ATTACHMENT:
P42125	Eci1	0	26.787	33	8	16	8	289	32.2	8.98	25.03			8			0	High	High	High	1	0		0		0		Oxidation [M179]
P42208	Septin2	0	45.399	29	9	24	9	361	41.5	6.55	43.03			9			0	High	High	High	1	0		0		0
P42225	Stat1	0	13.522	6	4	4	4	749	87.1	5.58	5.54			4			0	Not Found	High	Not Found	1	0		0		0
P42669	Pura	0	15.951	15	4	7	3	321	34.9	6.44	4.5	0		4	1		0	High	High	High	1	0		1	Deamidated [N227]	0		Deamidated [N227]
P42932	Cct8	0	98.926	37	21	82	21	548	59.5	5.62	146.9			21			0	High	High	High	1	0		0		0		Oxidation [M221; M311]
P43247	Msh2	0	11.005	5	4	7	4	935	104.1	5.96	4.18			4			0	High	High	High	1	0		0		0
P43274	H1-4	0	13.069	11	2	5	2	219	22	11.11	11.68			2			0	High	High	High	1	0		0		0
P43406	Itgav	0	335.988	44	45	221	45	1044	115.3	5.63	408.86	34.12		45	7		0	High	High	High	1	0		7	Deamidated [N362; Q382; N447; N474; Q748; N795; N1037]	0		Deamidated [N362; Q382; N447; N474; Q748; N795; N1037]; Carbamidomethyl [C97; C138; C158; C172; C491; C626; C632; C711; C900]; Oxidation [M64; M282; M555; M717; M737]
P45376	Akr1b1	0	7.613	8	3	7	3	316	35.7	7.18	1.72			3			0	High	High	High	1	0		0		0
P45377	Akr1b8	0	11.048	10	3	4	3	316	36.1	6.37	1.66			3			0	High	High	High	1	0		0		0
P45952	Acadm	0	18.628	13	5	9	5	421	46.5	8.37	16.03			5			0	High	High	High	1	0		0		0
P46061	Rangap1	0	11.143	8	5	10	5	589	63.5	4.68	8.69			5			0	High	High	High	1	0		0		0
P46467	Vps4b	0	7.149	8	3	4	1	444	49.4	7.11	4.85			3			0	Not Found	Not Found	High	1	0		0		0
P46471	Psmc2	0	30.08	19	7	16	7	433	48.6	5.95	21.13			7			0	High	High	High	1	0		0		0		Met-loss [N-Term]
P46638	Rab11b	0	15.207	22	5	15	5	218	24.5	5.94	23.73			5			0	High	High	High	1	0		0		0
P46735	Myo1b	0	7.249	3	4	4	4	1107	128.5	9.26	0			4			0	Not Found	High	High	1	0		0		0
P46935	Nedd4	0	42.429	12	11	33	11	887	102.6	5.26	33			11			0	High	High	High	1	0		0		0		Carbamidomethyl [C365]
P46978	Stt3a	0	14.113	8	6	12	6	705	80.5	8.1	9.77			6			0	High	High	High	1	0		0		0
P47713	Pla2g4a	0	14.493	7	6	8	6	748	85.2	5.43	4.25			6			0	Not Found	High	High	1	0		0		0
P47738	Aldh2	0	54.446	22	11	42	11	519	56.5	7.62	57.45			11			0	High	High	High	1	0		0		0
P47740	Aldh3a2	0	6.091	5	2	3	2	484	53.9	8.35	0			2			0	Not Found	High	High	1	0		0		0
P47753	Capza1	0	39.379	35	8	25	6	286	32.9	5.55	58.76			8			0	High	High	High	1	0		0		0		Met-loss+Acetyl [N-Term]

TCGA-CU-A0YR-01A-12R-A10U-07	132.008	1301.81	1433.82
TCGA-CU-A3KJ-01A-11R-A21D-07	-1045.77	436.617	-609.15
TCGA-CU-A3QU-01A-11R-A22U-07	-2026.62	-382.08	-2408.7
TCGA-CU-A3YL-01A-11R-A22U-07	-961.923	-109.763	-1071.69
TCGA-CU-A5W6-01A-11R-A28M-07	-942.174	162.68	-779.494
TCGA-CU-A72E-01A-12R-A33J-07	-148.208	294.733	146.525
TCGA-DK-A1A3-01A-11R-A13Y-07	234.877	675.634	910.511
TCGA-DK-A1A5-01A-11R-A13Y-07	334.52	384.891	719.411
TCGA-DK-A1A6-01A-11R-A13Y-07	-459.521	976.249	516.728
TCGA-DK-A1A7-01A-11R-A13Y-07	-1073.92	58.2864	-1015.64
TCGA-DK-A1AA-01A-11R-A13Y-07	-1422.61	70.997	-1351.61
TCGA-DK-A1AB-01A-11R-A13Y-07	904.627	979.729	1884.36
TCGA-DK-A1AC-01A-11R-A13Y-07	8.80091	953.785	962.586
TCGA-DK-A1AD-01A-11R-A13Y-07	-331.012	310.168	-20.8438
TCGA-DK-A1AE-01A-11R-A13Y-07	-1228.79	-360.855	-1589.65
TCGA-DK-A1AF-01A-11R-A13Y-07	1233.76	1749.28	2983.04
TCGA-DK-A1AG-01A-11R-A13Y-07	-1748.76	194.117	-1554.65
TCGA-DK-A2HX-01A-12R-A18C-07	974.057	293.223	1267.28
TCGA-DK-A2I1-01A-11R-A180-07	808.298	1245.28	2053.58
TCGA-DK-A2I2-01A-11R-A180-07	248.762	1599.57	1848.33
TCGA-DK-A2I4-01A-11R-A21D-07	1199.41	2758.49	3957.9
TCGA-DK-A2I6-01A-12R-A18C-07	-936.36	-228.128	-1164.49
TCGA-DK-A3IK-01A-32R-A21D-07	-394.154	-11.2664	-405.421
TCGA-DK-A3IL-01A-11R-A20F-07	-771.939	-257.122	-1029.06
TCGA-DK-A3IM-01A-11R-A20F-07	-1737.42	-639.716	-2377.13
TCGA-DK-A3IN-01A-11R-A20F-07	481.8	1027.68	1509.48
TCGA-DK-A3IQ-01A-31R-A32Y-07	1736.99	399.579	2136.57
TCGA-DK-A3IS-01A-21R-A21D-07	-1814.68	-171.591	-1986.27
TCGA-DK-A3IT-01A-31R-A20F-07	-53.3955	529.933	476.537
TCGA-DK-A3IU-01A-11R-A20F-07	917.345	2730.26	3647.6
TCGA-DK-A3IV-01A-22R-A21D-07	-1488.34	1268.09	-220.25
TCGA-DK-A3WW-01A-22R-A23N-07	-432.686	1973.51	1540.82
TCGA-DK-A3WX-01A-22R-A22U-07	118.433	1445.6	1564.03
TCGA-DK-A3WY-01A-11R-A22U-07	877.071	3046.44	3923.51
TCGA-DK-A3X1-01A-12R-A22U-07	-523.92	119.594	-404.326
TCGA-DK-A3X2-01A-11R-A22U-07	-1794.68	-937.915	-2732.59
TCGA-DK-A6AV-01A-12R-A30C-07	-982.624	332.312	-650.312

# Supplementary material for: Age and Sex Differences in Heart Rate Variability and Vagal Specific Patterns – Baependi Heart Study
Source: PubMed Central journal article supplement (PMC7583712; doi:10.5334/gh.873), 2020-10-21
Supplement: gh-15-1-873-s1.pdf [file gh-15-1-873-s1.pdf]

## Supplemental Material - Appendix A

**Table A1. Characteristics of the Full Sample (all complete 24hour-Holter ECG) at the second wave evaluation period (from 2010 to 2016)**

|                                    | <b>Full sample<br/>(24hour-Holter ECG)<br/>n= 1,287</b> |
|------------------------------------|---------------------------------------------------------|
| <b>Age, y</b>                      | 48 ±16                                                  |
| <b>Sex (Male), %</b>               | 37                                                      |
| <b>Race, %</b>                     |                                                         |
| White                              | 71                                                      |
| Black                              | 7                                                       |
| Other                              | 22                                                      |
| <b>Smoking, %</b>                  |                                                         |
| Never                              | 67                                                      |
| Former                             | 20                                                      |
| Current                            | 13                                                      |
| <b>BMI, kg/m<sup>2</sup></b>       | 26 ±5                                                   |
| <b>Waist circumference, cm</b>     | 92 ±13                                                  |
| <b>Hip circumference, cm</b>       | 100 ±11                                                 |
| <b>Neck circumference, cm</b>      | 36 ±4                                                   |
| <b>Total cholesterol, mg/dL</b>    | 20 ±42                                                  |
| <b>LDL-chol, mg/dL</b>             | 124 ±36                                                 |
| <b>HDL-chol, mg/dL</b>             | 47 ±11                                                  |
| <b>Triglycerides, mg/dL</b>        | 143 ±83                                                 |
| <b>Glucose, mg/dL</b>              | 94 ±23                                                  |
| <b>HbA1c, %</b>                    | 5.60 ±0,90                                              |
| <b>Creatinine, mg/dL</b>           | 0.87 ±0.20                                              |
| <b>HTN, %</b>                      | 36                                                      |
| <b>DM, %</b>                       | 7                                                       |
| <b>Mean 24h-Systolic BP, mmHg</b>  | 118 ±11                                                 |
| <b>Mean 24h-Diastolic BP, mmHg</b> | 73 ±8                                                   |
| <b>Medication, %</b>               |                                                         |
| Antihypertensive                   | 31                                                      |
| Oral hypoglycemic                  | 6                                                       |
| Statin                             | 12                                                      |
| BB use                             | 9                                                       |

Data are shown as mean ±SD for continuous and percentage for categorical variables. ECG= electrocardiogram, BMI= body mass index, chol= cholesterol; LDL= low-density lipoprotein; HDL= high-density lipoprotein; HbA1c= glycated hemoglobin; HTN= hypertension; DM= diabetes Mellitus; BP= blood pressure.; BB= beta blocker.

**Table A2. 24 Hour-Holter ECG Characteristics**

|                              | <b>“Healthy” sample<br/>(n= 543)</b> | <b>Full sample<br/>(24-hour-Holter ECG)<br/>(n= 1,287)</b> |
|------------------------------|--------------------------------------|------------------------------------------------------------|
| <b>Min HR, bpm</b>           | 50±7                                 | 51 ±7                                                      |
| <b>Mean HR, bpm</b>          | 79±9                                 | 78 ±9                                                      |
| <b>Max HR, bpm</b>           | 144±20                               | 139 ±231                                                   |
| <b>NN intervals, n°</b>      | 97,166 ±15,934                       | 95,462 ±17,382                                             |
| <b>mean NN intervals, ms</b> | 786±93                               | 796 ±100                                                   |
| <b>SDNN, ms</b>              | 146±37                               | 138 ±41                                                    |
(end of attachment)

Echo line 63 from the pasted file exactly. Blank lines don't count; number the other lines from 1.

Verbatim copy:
## Supplemental Material - Appendix A